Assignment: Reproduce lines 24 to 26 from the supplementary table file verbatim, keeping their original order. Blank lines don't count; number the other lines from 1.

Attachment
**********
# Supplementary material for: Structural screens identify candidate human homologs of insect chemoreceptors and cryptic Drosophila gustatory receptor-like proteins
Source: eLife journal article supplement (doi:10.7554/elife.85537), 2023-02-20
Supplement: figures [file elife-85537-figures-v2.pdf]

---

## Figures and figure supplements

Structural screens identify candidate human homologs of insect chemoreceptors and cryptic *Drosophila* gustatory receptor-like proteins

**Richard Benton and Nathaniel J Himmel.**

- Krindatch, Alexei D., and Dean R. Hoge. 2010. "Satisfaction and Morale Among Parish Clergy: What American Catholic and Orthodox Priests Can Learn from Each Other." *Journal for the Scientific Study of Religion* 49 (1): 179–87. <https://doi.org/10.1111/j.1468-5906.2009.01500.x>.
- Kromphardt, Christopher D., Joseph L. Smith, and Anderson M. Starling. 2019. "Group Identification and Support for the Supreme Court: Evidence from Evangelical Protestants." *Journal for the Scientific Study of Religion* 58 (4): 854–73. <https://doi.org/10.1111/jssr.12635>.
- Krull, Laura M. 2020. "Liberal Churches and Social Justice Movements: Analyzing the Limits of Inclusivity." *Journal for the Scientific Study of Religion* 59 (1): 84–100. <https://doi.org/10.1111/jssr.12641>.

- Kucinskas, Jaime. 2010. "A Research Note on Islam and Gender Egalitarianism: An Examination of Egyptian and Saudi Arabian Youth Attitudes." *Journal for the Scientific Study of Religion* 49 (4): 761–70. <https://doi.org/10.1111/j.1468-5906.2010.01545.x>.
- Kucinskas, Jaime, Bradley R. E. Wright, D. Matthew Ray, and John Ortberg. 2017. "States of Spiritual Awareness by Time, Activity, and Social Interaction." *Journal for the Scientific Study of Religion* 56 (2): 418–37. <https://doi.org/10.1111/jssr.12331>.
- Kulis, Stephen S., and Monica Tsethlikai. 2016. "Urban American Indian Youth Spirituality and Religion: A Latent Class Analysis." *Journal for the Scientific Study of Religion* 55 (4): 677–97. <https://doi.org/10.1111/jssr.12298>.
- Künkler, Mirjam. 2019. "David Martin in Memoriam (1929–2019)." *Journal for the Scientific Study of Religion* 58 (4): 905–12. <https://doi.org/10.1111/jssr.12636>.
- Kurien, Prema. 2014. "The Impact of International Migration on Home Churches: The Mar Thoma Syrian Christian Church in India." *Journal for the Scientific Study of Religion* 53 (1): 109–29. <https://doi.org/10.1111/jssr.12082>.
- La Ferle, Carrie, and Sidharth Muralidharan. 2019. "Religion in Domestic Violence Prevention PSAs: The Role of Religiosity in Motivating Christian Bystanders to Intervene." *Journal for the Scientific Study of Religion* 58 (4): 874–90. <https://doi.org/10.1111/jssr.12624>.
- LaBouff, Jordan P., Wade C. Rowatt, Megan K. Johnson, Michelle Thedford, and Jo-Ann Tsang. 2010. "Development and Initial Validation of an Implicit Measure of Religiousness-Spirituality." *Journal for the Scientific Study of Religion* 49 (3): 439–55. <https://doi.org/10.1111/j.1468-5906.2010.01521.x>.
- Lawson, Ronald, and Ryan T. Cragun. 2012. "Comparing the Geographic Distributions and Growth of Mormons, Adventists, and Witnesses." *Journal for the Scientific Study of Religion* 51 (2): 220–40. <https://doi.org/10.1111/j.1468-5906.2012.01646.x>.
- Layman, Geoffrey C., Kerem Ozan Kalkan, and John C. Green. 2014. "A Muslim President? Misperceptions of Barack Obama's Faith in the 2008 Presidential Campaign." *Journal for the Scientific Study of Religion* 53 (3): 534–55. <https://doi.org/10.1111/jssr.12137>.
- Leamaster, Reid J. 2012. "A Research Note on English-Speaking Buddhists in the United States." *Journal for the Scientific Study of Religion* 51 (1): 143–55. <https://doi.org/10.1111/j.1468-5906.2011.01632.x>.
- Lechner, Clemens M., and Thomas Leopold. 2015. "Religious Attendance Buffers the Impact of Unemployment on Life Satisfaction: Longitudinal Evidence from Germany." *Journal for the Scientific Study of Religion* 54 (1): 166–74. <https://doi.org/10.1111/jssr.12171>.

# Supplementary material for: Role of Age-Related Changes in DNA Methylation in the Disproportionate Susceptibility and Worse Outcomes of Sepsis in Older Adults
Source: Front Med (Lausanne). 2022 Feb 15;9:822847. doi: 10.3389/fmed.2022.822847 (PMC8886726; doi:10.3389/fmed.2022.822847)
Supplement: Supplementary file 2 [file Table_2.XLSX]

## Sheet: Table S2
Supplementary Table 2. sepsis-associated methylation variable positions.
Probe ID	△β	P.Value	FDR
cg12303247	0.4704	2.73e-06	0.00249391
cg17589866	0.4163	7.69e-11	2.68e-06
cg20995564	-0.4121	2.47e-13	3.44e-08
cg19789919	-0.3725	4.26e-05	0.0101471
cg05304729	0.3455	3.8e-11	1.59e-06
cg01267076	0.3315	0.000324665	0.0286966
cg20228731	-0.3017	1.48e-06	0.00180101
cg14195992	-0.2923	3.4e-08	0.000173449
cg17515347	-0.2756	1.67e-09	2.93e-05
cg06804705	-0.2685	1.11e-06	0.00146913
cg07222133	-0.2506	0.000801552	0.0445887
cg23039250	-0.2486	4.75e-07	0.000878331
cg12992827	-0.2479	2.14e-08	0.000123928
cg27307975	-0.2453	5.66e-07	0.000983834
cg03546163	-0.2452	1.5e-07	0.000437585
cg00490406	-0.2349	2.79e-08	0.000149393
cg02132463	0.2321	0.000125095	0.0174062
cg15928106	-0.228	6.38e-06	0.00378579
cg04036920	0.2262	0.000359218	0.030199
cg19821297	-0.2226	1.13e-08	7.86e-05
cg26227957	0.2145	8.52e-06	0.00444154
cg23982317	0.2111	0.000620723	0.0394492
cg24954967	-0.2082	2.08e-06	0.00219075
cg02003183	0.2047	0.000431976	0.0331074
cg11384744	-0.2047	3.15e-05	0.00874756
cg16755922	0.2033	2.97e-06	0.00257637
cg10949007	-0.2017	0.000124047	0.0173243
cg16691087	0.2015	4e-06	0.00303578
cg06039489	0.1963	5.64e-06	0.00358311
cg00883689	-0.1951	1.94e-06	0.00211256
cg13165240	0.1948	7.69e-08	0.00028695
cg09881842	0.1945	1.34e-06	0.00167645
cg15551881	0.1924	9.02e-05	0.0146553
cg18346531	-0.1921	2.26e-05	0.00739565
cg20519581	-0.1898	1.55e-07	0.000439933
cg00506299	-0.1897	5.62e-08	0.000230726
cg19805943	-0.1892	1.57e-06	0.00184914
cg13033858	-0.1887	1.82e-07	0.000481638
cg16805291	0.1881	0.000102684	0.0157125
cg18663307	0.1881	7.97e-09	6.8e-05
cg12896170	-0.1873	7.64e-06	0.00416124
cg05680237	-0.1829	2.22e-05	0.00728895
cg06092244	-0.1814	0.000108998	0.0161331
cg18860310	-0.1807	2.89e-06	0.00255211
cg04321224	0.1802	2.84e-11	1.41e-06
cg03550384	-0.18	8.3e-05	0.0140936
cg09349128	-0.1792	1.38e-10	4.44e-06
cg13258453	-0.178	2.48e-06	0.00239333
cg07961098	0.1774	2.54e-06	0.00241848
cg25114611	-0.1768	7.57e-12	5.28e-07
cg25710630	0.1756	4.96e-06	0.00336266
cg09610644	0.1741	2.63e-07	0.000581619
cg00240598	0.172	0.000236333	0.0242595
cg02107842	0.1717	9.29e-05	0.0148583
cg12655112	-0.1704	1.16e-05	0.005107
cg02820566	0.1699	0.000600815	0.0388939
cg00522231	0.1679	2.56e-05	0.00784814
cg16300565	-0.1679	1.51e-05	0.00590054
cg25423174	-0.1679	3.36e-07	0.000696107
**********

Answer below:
Supplement: Supplementary file 2 [file Table_2.XLSX]

## Sheet: Table S2
Supplementary Table 2. sepsis-associated methylation variable positions.